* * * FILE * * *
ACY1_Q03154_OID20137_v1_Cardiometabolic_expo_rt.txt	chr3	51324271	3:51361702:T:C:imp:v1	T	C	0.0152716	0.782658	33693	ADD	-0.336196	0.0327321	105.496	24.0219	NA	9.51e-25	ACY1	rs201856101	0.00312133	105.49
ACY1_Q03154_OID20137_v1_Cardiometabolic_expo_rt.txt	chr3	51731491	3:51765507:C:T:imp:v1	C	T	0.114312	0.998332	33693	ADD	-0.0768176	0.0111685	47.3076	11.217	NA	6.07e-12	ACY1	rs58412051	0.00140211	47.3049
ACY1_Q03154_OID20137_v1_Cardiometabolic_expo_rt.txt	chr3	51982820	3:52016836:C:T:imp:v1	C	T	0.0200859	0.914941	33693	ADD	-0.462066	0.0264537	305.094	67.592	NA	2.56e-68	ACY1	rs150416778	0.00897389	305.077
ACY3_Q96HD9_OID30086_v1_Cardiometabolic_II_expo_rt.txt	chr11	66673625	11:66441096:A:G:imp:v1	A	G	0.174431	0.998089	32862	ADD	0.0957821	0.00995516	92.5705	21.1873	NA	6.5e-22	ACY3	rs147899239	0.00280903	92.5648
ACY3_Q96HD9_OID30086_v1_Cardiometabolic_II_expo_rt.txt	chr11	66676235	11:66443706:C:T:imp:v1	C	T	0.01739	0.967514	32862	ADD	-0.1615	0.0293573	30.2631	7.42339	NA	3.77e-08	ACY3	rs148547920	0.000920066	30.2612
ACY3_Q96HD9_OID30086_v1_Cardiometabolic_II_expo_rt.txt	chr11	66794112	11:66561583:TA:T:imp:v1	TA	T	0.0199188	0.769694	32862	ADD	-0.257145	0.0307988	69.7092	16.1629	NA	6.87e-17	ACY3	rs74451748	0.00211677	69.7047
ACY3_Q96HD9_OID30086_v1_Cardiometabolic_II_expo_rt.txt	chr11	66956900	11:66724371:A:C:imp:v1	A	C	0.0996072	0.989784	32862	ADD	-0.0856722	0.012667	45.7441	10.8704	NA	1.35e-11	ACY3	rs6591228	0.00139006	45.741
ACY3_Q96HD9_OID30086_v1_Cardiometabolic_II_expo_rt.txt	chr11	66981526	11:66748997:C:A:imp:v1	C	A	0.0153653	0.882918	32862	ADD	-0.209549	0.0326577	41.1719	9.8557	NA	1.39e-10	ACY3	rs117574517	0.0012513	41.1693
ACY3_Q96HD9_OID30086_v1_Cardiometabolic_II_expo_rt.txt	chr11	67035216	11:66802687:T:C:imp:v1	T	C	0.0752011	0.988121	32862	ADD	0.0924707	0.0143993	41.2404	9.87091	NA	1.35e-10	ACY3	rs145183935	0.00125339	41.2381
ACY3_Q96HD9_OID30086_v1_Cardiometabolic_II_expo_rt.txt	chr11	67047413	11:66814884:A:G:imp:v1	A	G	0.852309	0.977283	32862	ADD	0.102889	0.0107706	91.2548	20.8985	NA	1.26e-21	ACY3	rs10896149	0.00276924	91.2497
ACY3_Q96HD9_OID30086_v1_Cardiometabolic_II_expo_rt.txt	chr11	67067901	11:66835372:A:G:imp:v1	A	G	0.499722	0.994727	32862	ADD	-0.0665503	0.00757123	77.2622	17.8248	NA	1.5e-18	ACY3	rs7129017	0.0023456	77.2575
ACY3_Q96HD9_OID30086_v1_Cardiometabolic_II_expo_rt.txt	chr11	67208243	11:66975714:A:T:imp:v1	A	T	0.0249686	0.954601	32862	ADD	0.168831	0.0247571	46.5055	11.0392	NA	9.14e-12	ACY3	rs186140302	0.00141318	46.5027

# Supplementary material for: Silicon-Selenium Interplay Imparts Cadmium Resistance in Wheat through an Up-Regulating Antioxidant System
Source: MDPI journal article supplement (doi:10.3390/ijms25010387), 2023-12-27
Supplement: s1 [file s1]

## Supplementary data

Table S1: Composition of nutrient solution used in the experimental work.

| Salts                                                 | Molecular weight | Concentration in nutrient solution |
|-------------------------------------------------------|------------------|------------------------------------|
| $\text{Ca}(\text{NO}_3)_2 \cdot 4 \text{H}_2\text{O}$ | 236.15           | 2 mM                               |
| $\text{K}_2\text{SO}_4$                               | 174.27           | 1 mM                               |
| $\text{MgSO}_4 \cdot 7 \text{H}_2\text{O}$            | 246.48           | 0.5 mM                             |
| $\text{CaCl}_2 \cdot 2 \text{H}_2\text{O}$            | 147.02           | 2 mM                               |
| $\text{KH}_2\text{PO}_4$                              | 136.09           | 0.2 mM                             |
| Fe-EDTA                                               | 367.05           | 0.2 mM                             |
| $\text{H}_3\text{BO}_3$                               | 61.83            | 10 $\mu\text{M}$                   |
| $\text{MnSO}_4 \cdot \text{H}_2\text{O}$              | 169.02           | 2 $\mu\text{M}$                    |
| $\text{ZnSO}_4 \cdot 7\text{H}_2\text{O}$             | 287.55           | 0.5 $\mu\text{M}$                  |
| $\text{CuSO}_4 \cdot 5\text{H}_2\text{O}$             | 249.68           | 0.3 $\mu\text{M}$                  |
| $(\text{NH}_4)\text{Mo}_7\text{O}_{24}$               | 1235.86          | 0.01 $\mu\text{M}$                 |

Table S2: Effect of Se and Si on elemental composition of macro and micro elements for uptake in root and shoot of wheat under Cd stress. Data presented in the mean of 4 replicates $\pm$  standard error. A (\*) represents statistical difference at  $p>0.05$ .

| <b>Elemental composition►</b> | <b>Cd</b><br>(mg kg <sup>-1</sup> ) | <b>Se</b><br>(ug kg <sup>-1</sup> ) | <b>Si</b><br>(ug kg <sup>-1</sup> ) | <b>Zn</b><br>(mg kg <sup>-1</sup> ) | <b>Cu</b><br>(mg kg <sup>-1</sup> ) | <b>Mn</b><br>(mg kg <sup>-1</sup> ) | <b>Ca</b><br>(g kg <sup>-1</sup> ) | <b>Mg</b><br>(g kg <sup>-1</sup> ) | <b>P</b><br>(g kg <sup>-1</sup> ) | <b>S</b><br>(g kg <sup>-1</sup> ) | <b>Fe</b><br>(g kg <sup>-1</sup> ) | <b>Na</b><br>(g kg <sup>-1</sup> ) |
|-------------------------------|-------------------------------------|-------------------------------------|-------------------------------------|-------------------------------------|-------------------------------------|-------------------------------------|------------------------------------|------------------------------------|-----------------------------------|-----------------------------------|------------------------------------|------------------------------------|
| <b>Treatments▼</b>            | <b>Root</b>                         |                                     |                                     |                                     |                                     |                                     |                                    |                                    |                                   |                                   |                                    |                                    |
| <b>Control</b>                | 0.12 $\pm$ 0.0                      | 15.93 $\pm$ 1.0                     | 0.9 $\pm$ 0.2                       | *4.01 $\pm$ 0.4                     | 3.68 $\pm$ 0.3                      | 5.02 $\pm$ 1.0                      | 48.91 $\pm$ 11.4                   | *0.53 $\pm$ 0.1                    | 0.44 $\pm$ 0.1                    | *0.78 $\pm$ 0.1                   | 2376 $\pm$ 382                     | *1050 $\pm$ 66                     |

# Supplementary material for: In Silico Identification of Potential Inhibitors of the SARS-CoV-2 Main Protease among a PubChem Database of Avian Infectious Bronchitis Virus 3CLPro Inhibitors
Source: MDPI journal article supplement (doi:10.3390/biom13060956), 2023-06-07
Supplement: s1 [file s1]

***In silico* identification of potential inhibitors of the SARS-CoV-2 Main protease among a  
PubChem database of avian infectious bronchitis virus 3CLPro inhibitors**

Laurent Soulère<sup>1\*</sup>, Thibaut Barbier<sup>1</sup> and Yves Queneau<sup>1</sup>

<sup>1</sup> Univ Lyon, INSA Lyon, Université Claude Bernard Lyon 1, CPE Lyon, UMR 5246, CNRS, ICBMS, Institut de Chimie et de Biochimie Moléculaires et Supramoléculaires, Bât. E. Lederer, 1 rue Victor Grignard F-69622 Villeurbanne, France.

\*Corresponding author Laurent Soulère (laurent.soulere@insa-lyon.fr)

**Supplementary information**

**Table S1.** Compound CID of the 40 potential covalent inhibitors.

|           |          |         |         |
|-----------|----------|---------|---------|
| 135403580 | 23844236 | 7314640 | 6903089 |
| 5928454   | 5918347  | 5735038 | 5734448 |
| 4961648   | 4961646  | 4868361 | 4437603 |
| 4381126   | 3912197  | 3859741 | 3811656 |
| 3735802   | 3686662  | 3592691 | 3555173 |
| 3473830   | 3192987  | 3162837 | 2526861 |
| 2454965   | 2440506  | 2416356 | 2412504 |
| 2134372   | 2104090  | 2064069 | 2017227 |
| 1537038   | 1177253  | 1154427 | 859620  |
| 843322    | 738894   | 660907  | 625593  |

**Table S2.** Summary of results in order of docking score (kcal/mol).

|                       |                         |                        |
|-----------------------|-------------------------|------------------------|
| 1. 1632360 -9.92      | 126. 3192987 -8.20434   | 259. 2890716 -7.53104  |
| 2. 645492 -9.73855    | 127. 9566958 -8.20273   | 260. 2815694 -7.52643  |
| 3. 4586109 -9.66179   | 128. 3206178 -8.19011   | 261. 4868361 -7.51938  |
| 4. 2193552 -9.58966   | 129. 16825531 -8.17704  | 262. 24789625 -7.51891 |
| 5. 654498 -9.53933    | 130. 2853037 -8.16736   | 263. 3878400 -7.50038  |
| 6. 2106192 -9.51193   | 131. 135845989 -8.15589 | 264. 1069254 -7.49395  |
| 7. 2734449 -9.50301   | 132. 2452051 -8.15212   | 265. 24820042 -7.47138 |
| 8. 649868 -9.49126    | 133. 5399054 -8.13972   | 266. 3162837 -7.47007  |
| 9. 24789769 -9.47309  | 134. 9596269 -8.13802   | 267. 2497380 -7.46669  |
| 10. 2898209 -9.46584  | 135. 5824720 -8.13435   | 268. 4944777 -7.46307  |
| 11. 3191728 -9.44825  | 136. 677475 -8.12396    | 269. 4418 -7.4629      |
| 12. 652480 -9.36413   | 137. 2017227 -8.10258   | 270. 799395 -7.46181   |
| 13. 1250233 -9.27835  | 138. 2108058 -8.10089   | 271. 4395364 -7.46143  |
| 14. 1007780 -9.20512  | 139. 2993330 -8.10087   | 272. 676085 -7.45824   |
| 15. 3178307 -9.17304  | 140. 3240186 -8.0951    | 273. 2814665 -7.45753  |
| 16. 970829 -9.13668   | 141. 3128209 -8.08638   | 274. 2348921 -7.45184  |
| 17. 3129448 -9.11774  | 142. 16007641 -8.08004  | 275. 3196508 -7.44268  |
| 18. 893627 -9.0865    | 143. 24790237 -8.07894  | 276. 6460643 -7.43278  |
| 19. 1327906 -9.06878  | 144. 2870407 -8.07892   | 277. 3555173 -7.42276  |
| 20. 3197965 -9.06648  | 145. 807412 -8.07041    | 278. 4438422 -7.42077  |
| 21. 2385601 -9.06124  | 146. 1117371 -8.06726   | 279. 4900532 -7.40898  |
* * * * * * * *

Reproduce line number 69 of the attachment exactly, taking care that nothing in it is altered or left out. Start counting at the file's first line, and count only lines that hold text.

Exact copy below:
| 9. 24789769 -9.47309  | 134. 9596269 -8.13802   | 267. 2497380 -7.46669  |